Please note once again that I am not an attorney, and neither do I play one on television, and that nothing I say here should be construed as "legal advice."
Really, intellectual property infringement is not confined to edible printing, nor to copyright: assume your skills with a piping bag far exceed my own, that you can draw pictures with a piping bag and BC that look like they were drawn with pen and ink. Now suppose that instead of edible printing, you pipe Mickey Mouse onto a cake, in a situation that has never appeared in any licensed Disney product (say, plugging Mickey, Minnie, Goofy, and Donald into Edward Hopper's masterpiece of 20th century American painting, Nighthawks. Certainly plenty of artists have done variations on that iconic image, varying from Gottfried Helnwein's Boulevard of Broken Dreams, to a Christmas card with Santa and a few reindeer stopping for coffee, but I don't think anybody's ever done a Disney version) So long as the characters were recognizable, anything about your opus that would make it more difficult for Disney to get you for copyright infringement would also make it easier for them to get you for trademark misuse.
As to the matter of a customer-provided, customer-taken photograph of his or her kid with a Disney character, taken in a Disney theme park, well, you have a matter of intention, the matter of actual harm to the owner of the copyright and/or trademark, and of what the actual intellectual property is. Simply put, Mickey Mouse is a Toon. So is Bugs Bunny; so are Beetle Bailey, Smurfette, Edda Burber (from Brooke McEldowney's 9 Chickweed Lane), and Candy Moatmonster (from Bill Holbrook's On the Fastrack). They are all drawn cartoon characters, from either animated cartoons, or comic strips, or both. When you photograph your child with Mickey, at Disneyland, you're not actually photographing Mickey Mouse; you're photographing a Disney cast member in a Mickey Mouse suit (at least as of the first time I took the Backstage Magic tour at WDW, the officially approved technical term was to say the cast member was "assisting in the portrayal of Mickey Mouse"). And if you're taking pictures of your kid with Mickey, there's no real intent to harm Disney, or to profit wrongfully from their property, and (given as how no stock agency would touch such a picture with a ten-foot-pole) no actual potential to do either. Moreover, Disney management has always tolerated, and even encouraged guests to take pictures in most onstage areas, and tolerates guests posting their own Disneyland pictures on web sites. I would argue that in a "kid with Mickey" picture, the kid is the primary subject, and the character merely establishes place and circumstances, and the picture was taken in a place that was open to the public, and did not restrict non-commercial photography and that in printing the customer's photograph onto edible media, and mounting it on a cake, you are no more guilty of infringement than a camera shop would be for delivering the picture on T-shirt or a coffee cup.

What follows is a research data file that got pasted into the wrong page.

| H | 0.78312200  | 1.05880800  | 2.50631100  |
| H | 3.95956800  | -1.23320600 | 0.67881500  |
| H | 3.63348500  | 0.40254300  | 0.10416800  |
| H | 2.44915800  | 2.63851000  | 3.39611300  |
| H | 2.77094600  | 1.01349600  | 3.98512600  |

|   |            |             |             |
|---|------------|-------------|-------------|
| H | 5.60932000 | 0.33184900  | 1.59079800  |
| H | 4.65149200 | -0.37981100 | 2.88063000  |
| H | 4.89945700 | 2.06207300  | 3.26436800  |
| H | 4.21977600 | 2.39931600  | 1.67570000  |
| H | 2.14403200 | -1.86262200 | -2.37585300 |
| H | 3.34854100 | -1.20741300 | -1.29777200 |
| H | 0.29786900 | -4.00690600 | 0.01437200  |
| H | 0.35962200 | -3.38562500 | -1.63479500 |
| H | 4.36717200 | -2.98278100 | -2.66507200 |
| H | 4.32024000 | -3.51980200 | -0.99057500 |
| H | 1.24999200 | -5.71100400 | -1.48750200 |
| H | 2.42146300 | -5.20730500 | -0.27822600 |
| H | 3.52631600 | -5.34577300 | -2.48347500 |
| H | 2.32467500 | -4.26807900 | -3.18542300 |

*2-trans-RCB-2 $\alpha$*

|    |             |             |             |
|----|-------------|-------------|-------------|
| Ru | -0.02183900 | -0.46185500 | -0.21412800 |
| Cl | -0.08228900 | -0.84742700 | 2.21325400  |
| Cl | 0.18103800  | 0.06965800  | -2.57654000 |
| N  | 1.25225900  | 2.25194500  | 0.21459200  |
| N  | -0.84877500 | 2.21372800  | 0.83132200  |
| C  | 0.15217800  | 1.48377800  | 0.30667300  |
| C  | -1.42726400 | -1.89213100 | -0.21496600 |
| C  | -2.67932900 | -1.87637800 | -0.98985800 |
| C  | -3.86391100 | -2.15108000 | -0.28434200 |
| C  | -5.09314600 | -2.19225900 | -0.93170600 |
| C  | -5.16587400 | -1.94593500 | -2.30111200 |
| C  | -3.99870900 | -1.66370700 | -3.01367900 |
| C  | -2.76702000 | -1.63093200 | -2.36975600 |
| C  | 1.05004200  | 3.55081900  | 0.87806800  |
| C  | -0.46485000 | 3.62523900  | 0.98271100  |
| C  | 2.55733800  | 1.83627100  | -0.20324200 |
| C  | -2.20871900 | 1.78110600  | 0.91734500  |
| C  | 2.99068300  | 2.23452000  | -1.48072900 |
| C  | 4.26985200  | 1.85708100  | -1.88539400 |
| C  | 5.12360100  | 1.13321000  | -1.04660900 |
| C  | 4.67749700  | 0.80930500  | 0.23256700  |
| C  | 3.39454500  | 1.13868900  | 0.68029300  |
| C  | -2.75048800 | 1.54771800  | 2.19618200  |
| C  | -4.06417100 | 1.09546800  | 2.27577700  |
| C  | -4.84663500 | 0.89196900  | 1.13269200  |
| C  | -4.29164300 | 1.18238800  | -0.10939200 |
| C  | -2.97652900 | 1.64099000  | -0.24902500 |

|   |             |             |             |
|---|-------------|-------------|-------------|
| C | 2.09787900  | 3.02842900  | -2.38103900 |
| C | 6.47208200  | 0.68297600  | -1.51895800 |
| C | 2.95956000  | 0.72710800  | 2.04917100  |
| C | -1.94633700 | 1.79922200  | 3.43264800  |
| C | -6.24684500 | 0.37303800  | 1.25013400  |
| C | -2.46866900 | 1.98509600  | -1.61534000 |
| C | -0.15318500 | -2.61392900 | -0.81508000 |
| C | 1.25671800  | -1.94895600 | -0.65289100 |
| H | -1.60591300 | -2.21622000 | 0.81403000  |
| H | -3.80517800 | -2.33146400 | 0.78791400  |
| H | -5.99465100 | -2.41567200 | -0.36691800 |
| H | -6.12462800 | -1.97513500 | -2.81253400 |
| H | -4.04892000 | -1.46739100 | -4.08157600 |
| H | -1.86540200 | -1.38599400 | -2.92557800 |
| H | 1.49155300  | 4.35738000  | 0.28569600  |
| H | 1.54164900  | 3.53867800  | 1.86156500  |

Still, even as an amateur, I've been sticking with images where my rights are entirely clear: the speed limit sign on my parents' 55th anniversary cake was either PD, or it was CC or GPDL with "remix." The Leland Award image, and the International Printing Museum logo, were both available for my use because I was acting in my official capacity as a docent of that museum. The Wikimedia Commons images of Squad 51 and Engine 51 I've slated for my 55th birthday cake were both placed in the PD by the photographer, and any additional images going on the cake will be entirely my own work. And in the 10-minute DVD I recently finished putting together, of the Space Shuttle Endeavour's arrival in Los Angeles, was made from my own photographs, my own 3-minute video, a dozen or so official NASA photographs (PD by definition), and several photographs from Wikimedia Commons and Flickr, all of which were CC with remix, and everything not my own was meticulously credited.